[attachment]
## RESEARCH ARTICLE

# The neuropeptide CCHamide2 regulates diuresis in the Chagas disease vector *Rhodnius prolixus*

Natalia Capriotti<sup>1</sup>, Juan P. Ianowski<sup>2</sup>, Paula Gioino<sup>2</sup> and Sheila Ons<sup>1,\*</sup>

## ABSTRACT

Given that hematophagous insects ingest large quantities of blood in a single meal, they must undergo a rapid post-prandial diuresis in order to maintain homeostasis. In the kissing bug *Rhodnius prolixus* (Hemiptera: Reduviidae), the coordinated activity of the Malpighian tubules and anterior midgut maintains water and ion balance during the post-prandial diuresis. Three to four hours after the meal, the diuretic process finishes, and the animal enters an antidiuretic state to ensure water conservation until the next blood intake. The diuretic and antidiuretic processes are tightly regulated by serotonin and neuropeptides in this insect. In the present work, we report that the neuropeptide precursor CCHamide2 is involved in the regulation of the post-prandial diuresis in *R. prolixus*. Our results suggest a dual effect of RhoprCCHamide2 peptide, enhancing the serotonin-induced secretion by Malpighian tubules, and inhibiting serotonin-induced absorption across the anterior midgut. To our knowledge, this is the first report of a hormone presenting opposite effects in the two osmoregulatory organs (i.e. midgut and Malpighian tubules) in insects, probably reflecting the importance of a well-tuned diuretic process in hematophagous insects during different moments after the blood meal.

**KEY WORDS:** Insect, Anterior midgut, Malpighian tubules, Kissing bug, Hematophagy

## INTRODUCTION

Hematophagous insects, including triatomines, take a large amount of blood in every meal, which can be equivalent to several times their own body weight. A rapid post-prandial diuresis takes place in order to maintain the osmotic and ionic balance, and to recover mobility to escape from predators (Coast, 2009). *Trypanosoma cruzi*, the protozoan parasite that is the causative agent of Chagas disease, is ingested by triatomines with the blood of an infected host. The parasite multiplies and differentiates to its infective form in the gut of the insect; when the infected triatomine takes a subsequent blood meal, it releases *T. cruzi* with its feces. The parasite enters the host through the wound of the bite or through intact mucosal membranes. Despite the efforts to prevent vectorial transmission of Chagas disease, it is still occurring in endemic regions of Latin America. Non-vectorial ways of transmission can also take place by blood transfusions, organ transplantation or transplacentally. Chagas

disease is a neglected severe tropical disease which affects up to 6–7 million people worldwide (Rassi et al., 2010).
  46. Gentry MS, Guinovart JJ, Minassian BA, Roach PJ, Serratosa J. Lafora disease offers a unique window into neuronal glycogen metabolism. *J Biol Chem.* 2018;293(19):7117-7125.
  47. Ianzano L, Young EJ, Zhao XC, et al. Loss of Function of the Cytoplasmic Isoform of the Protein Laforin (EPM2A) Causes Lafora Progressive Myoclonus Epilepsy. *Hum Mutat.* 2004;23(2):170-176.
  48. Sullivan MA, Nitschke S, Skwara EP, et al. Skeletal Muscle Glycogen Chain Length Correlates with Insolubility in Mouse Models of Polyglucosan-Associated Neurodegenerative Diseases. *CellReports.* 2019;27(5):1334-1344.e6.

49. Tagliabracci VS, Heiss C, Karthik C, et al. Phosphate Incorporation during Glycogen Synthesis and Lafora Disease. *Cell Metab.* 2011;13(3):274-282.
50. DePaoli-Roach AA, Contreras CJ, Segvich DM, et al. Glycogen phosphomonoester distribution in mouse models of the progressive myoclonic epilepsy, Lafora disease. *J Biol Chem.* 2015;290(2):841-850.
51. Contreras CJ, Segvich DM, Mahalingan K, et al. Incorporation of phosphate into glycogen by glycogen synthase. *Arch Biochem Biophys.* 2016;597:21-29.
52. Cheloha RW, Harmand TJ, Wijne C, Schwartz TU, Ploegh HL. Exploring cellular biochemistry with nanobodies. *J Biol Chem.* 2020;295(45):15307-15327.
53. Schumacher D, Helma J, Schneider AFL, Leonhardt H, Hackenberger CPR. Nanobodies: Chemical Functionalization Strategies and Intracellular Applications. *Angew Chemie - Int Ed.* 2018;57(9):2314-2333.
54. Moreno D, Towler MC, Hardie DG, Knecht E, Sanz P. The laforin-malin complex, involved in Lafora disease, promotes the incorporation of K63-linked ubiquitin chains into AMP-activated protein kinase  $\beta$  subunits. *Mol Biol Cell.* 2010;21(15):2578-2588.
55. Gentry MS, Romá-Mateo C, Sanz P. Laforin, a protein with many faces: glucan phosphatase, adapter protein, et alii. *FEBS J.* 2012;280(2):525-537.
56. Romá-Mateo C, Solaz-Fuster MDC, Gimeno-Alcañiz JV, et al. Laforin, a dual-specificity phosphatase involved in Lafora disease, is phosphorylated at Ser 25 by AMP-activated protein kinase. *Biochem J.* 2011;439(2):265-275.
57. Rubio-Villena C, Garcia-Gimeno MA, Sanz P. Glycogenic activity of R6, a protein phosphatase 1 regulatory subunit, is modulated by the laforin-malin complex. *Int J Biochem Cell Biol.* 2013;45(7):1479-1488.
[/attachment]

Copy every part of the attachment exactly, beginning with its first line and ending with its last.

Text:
## RESEARCH ARTICLE

# The neuropeptide CCHamide2 regulates diuresis in the Chagas disease vector *Rhodnius prolixus*

Natalia Capriotti<sup>1</sup>, Juan P. Ianowski<sup>2</sup>, Paula Gioino<sup>2</sup> and Sheila Ons<sup>1,\*</sup>

## ABSTRACT

Given that hematophagous insects ingest large quantities of blood in a single meal, they must undergo a rapid post-prandial diuresis in order to maintain homeostasis. In the kissing bug *Rhodnius prolixus* (Hemiptera: Reduviidae), the coordinated activity of the Malpighian tubules and anterior midgut maintains water and ion balance during the post-prandial diuresis. Three to four hours after the meal, the diuretic process finishes, and the animal enters an antidiuretic state to ensure water conservation until the next blood intake. The diuretic and antidiuretic processes are tightly regulated by serotonin and neuropeptides in this insect. In the present work, we report that the neuropeptide precursor CCHamide2 is involved in the regulation of the post-prandial diuresis in *R. prolixus*. Our results suggest a dual effect of RhoprCCHamide2 peptide, enhancing the serotonin-induced secretion by Malpighian tubules, and inhibiting serotonin-induced absorption across the anterior midgut. To our knowledge, this is the first report of a hormone presenting opposite effects in the two osmoregulatory organs (i.e. midgut and Malpighian tubules) in insects, probably reflecting the importance of a well-tuned diuretic process in hematophagous insects during different moments after the blood meal.

**KEY WORDS:** Insect, Anterior midgut, Malpighian tubules, Kissing bug, Hematophagy

## INTRODUCTION

Hematophagous insects, including triatomines, take a large amount of blood in every meal, which can be equivalent to several times their own body weight. A rapid post-prandial diuresis takes place in order to maintain the osmotic and ionic balance, and to recover mobility to escape from predators (Coast, 2009). *Trypanosoma cruzi*, the protozoan parasite that is the causative agent of Chagas disease, is ingested by triatomines with the blood of an infected host. The parasite multiplies and differentiates to its infective form in the gut of the insect; when the infected triatomine takes a subsequent blood meal, it releases *T. cruzi* with its feces. The parasite enters the host through the wound of the bite or through intact mucosal membranes. Despite the efforts to prevent vectorial transmission of Chagas disease, it is still occurring in endemic regions of Latin America. Non-vectorial ways of transmission can also take place by blood transfusions, organ transplantation or transplacentally. Chagas

disease is a neglected severe tropical disease which affects up to 6–7 million people worldwide (Rassi et al., 2010).
  46. Gentry MS, Guinovart JJ, Minassian BA, Roach PJ, Serratosa J. Lafora disease offers a unique window into neuronal glycogen metabolism. *J Biol Chem.* 2018;293(19):7117-7125.
  47. Ianzano L, Young EJ, Zhao XC, et al. Loss of Function of the Cytoplasmic Isoform of the Protein Laforin (EPM2A) Causes Lafora Progressive Myoclonus Epilepsy. *Hum Mutat.* 2004;23(2):170-176.
  48. Sullivan MA, Nitschke S, Skwara EP, et al. Skeletal Muscle Glycogen Chain Length Correlates with Insolubility in Mouse Models of Polyglucosan-Associated Neurodegenerative Diseases. *CellReports.* 2019;27(5):1334-1344.e6.

49. Tagliabracci VS, Heiss C, Karthik C, et al. Phosphate Incorporation during Glycogen Synthesis and Lafora Disease. *Cell Metab.* 2011;13(3):274-282.
50. DePaoli-Roach AA, Contreras CJ, Segvich DM, et al. Glycogen phosphomonoester distribution in mouse models of the progressive myoclonic epilepsy, Lafora disease. *J Biol Chem.* 2015;290(2):841-850.
51. Contreras CJ, Segvich DM, Mahalingan K, et al. Incorporation of phosphate into glycogen by glycogen synthase. *Arch Biochem Biophys.* 2016;597:21-29.
52. Cheloha RW, Harmand TJ, Wijne C, Schwartz TU, Ploegh HL. Exploring cellular biochemistry with nanobodies. *J Biol Chem.* 2020;295(45):15307-15327.
53. Schumacher D, Helma J, Schneider AFL, Leonhardt H, Hackenberger CPR. Nanobodies: Chemical Functionalization Strategies and Intracellular Applications. *Angew Chemie - Int Ed.* 2018;57(9):2314-2333.
54. Moreno D, Towler MC, Hardie DG, Knecht E, Sanz P. The laforin-malin complex, involved in Lafora disease, promotes the incorporation of K63-linked ubiquitin chains into AMP-activated protein kinase  $\beta$  subunits. *Mol Biol Cell.* 2010;21(15):2578-2588.
55. Gentry MS, Romá-Mateo C, Sanz P. Laforin, a protein with many faces: glucan phosphatase, adapter protein, et alii. *FEBS J.* 2012;280(2):525-537.
56. Romá-Mateo C, Solaz-Fuster MDC, Gimeno-Alcañiz JV, et al. Laforin, a dual-specificity phosphatase involved in Lafora disease, is phosphorylated at Ser 25 by AMP-activated protein kinase. *Biochem J.* 2011;439(2):265-275.
57. Rubio-Villena C, Garcia-Gimeno MA, Sanz P. Glycogenic activity of R6, a protein phosphatase 1 regulatory subunit, is modulated by the laforin-malin complex. *Int J Biochem Cell Biol.* 2013;45(7):1479-1488.